Japan from the inside out

Ichigen koji (217)

Posted by ampontan on Friday, November 2, 2012

– A person who has something to say about everything

If (the South Koreans and the Chinese) wish to create an East Asian entity based on an equal partnership (such as the EU), they’ll have to reduce the level of their nationalism to that of Japan. As (political scientist and historian) Maruyama Masao once pointed out, Japan is the only country in Asia to have lost the virginity of its nationalism. The defeat in the war threw cold water all over it. But no cold water has been thrown on that of South Korea, North Korea, and China.

– Furuta Hiroshi

7 Responses to “Ichigen koji (217)”

  1. Tony said

    That may be true but that’s the price you sometimes end up paying when you end up losing the war.

    Fair? Hardly, but then life rarely is.
    War? You mean the war that ended before we were born? That Japan paid the price for long ago?

    Japan is now at the point at which they’ll be stamping “Return to Sender” on any bills that are presented for payment.

  2. Andrew in Ezo said

    I always wonder at the seeming preoccupation that many in the West have with explaining (modern) Japan based on WW2. If it’s something negative, it’s a remnant of pre-war tendencies, that are somewhat hard-wired into every Japanese. If it’s positive, it’s due to the enlightenment provided by the post-war occupying powers.

  3. PeterDownUnder said

    Japan’s lack of nationalism and Korea/China’s brimming nationalism both originate from post-WWII.

    Japan came to view itself as a victim of nationalism since WWII whilst Korea/China’s version of nationalism is reactionary to Japan’s nationalism pre-WWII.

    Having been left behind a legacy of Japanese superiority these countries rebounded with their own versions of Japanese fascist nationalism. Much of what you see in Korea/China mirror Japan post-Meiji.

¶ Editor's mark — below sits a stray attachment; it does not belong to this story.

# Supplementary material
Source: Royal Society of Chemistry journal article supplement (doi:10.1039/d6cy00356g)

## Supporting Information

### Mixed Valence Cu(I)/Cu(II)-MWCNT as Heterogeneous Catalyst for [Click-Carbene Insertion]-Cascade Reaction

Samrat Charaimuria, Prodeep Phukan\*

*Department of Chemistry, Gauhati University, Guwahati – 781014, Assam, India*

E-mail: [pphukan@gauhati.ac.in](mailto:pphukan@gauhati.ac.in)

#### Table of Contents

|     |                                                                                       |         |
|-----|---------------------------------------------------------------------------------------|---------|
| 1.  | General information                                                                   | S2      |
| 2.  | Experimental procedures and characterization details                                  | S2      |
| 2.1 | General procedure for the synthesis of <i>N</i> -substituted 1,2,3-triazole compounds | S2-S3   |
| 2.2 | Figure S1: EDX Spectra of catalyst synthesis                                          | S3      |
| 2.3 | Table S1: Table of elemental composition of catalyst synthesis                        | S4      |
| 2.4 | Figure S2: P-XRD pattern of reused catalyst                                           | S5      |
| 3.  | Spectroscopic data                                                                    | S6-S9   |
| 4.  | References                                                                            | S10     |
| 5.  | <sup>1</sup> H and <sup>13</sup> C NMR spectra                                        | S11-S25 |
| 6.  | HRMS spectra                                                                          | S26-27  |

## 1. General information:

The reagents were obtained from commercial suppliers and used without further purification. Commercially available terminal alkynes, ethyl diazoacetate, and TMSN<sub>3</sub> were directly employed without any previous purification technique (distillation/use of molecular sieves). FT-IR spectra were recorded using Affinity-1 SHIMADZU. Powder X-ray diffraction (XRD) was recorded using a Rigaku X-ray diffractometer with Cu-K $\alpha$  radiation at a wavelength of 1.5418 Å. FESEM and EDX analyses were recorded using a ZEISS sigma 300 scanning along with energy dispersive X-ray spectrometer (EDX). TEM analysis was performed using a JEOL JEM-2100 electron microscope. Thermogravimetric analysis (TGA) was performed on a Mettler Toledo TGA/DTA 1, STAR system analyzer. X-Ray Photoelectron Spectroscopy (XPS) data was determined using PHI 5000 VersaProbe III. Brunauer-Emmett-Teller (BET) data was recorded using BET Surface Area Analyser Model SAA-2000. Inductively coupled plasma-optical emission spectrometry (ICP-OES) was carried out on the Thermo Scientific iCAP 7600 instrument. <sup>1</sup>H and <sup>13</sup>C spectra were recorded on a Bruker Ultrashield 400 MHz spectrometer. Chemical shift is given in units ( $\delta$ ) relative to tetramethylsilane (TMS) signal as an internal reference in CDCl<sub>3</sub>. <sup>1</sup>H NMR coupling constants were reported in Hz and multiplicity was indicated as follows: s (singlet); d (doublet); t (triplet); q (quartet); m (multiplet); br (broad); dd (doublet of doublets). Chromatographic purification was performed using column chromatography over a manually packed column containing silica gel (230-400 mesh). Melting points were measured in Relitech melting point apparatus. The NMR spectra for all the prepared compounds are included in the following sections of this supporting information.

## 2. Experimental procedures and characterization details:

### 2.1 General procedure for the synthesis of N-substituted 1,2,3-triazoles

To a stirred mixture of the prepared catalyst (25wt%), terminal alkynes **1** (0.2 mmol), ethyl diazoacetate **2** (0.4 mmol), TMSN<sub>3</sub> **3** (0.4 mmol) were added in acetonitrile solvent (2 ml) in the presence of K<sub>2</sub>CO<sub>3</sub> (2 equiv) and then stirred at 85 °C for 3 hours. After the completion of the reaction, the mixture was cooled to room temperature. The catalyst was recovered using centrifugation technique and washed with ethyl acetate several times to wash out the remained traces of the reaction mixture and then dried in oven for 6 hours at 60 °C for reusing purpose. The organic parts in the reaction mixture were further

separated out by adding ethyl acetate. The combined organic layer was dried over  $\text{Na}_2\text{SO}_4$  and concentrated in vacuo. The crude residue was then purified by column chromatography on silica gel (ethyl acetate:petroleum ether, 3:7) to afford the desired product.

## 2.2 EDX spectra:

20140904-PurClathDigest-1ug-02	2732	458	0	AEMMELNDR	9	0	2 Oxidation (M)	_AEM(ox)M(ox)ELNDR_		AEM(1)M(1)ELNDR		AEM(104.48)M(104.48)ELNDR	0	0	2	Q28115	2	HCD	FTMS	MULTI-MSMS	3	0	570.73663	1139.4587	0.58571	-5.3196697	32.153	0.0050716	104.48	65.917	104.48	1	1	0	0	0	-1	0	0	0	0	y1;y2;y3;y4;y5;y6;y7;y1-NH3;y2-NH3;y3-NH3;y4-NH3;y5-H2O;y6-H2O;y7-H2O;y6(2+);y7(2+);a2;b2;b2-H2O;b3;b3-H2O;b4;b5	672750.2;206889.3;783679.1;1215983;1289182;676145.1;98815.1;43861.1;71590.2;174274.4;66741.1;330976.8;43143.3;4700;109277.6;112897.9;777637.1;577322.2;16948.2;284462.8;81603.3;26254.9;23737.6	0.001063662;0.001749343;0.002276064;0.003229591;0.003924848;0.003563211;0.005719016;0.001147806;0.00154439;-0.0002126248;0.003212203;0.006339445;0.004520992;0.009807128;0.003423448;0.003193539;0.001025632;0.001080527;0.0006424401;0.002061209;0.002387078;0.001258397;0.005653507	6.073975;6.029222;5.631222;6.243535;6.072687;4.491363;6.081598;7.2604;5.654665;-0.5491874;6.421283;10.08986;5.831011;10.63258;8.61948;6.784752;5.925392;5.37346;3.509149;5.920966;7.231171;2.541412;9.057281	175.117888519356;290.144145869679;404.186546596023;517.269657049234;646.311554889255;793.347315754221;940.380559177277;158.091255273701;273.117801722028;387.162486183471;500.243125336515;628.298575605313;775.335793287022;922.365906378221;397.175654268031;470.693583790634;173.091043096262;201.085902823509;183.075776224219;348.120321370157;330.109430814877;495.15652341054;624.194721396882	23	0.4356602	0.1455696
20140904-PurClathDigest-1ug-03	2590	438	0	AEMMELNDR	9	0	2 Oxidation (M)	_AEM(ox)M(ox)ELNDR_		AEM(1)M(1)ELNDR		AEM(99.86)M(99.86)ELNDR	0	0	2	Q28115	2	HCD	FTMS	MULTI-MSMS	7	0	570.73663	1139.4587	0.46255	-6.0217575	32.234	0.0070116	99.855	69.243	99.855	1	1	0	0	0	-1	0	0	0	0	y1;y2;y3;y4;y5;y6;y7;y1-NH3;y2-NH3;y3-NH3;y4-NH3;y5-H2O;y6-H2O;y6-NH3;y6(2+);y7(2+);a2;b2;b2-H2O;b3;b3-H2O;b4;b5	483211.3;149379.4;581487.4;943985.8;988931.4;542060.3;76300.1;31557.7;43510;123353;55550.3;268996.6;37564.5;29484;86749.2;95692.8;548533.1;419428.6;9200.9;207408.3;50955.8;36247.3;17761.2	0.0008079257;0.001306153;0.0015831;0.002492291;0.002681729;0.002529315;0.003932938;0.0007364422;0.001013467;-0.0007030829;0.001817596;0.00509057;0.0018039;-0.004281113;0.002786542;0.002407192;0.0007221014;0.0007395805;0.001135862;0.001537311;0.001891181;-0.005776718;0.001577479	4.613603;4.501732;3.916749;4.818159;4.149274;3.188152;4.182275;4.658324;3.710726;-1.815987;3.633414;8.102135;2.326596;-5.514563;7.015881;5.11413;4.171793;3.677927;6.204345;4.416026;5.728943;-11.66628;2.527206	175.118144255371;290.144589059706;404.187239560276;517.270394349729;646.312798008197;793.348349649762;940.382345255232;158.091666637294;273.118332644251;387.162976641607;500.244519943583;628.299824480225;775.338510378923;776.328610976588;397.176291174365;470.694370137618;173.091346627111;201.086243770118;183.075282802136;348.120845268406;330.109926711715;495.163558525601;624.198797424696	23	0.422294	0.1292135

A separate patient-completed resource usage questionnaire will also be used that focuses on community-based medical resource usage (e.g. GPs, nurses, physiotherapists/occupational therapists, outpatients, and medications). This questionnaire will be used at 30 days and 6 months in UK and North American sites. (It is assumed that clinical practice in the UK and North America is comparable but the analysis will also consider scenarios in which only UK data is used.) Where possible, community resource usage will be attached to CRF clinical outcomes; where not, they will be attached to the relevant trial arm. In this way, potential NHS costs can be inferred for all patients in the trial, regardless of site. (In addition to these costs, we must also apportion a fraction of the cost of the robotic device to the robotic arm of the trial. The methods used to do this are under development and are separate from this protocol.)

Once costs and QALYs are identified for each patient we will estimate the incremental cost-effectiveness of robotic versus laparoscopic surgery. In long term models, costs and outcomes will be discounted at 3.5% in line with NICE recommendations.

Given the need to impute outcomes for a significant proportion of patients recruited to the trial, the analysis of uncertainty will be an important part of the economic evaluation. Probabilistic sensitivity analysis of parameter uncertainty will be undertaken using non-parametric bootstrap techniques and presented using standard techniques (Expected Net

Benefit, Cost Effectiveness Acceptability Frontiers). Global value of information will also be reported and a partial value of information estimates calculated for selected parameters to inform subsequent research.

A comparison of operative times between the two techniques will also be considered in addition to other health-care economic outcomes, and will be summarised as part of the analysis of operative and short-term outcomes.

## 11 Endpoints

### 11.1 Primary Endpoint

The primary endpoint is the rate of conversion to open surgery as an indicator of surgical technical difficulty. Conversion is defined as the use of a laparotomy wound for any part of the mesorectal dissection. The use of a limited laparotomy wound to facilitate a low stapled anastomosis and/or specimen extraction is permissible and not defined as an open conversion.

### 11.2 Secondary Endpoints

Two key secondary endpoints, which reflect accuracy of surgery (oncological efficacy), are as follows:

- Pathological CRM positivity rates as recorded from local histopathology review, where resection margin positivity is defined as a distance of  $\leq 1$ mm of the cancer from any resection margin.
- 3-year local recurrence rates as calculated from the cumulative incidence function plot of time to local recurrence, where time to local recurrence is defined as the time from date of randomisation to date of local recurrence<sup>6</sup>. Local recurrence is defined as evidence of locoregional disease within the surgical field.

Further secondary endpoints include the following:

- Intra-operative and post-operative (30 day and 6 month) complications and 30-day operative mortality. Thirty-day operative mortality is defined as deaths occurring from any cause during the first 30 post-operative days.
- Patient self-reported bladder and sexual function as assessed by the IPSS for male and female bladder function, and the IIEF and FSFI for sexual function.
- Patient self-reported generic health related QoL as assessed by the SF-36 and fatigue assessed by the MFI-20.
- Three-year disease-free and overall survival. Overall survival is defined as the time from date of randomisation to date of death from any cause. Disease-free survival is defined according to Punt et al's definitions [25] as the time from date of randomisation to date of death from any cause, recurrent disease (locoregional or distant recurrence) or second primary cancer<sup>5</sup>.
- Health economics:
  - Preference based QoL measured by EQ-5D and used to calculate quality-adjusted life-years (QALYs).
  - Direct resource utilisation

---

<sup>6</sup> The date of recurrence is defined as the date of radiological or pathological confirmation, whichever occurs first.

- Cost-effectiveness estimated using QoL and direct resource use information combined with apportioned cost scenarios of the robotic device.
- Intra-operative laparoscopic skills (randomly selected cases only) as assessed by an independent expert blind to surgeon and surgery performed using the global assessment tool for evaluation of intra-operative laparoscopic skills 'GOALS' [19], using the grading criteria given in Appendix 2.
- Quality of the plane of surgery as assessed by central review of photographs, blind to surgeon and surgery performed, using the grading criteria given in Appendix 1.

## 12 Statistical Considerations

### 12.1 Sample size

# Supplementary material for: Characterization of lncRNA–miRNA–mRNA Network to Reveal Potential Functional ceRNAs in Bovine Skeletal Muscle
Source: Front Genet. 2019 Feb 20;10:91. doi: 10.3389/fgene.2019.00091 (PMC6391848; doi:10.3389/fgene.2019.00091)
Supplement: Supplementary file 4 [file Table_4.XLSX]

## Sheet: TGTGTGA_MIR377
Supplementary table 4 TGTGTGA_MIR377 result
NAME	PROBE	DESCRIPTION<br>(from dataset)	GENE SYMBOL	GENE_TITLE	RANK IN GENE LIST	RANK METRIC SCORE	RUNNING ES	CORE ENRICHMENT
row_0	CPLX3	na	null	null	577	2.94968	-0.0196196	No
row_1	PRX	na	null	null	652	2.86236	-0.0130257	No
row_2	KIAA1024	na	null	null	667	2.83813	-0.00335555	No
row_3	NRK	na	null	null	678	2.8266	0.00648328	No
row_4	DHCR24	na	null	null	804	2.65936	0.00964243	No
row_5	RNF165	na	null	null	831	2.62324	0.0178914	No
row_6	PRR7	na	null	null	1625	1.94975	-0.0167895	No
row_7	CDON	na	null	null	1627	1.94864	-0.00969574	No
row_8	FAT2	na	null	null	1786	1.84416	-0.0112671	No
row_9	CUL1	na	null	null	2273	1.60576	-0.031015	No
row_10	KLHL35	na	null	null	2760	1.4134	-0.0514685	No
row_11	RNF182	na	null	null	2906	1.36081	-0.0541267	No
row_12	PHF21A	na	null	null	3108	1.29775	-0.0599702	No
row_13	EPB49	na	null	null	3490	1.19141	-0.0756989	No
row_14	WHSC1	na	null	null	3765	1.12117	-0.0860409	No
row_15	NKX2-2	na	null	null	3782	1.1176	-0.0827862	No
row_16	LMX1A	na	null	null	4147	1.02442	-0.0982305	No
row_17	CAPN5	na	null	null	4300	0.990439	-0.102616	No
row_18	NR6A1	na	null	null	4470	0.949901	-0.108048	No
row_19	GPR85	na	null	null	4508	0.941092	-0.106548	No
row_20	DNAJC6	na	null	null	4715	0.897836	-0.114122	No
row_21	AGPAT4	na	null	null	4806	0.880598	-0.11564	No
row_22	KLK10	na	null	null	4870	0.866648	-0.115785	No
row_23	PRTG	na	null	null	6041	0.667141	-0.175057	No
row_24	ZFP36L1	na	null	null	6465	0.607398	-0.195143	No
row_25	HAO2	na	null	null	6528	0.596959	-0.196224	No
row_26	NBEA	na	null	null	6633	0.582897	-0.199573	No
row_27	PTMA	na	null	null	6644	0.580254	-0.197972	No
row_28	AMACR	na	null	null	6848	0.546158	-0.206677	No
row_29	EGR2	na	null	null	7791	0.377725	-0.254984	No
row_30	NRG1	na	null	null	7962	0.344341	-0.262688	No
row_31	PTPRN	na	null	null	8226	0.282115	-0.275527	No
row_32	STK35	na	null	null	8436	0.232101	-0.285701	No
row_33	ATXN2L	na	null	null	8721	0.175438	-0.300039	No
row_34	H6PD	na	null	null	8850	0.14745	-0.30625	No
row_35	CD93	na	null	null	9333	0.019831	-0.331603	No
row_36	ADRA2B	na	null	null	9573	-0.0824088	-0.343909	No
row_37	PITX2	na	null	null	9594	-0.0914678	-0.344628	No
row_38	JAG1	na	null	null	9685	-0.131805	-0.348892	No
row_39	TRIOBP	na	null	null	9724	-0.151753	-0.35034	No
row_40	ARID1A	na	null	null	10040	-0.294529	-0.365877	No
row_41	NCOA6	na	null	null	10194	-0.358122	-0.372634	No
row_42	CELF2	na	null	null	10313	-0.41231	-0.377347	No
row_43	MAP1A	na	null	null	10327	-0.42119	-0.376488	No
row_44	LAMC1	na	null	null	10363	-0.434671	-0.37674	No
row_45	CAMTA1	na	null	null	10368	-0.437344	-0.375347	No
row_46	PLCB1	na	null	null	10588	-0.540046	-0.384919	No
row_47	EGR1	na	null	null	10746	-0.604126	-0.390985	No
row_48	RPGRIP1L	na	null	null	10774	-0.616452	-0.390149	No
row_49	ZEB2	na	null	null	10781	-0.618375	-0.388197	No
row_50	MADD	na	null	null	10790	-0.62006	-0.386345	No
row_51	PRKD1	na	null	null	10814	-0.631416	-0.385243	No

The concept of race and nationalism itself was a Japanese export to the rest of Asia, and post-colonialist thought in Korea/China remains sternly anti-Japanese for a reason.
    P: Thanks for the note.

    Prof. Fujita argues that the country in the region most resembling pre-war Japan is North Korea with juche. He thinks Chinese and South Korean nationalism is more an aspect of what Japanese historians call Sinocentric culturalism, which predates Japan’s Meiji period. He also says the Japanese were prone to the same ideas post Meiji, particularly in the early 20th century, when some looked down on China as inferior because the dynasties kept falling apart and they couldn’t prevent European colonization/domination.


  4. toadold said

    This makes me think about the “reparations” movement by certain Black ideologues in the US. They were/are seeking money from the federal government for the past crime of slavery. They’ve been having trouble cashing that in due to both the tiredness of the race card being played and immigrants who have become US citizens long after the US Civil war who feel they shouldn’t be paying tax money for something their ancestors had nothing to do with. There is also the casualty figures for the US Civil war which was in excess of a half a million.

  5. Tony said

    Yeah, the war ended over 70 years ago but S Korea and China are hanging on to it regardless. The fact that Japan lost only means that these two countries can continue to hammer Japan over the head with it.

    Again, it’s hardly fair but that’s the way it is
    First of all, this post has nothing to do with “fairness”. Don’t know where you got that.

    Second of all, the days that Japan sits still for the hammering are over. It may not manifest itself as overtly as the China/South Korea bashing now, but it will become more evident as time passes.

    And as time passes, more people outside the region are going to start to wonder what the Chinese/South Korean problem is, rather than what the Japanese problem is.


  6. Tony said

    Me thinks Japan will resist Korea more than China. We hope people outside question the fuss made by the two countries but I think so long as their flat screens are showing American Idol, Britain got Talent, and Eurovision, there will be little thinking about the troubles here at all.
    Or about any troubles anywhere, but discussion of anything above a certain level requires that the sleepwalkers be discounted.


  7. Tony said

    That’s a lot of discounting!

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